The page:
Small bronze figurines representing Osiris show
the god wrapped in a form-fitting garment,
perhaps denoting a mummified shroud, and
carrying the symbols of power in each hand.
The crook (neka) and flail (nekhakha) are are two
of the most prominent items in the royal regalia of
ancient Egypt, the characteristic insignia of
kingship and of authority per se. Many pharaohs
had their coffins decorated with these symbols of
power. The crook is similar to a sceptre. The flail
or flabellum was built of a rod, which had hanging
stripes or pearl strings on the upper end,
symbolising a herder’s whip.
Enveloped in his shroud, Osiris’ arms are bound
close to his body and his feet and legs stand
together. The god is usually depicted wearing the
Atef crown which combines the Hedjet the White
Crown of Upper Egypt, ornamented with an
Uraeus (the stylized form of the Egyptian cobra)
on the front and flanked by two curly red ostrich
feathers. In addition, the Atef crown can rest on a
set of spiraling ram’s horns that project to either
In this occasion Osiris wears the Atef crown
without the ram’s horns.
The sharply modeled facial features contrast with
the simplified attention to the rather flat body. The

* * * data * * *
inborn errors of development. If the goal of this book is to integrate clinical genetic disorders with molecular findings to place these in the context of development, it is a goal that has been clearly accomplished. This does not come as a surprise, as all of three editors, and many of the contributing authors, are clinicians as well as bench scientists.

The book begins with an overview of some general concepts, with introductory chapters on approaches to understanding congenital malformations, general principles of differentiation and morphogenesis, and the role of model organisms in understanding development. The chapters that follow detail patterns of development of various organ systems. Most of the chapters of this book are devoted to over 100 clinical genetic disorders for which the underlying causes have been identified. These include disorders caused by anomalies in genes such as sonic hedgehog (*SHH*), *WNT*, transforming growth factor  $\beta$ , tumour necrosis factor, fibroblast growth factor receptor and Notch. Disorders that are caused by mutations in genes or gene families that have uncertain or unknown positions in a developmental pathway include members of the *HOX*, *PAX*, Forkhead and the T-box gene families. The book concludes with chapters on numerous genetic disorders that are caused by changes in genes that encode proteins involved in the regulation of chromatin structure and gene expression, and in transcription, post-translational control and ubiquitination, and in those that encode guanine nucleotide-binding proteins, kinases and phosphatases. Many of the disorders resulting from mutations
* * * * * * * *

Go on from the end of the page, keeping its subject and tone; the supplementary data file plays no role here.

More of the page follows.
characteristic beard of the god is attached to his
chin. The face is cast in detailed manner, the
mouth small with full lips. The hands are
positioned side-by-side. The feet stand on a flat
base that forms an obtuse angle with the legs.
Osiris was one of the most popular gods of the
Egyptian pantheon. Early in Egyptian history he
represented a chthonic fertility god that later
acquired the royal insignia of the crook and flail.
He came to be identified as the ruler of the
underworld. The Egyptian ruler, perceived during
his lifetime as the incarnation of Horus, became
Osiris after death. Over time, Osiris was equated
with all deceased individuals and became a
symbol of resurrection. The major cult shrine of
Osiris was at Abydos in Middle Egypt, where Seti
I (c. 1294-1279 BCE) built a magnificent temple
during the 19th Dynasty.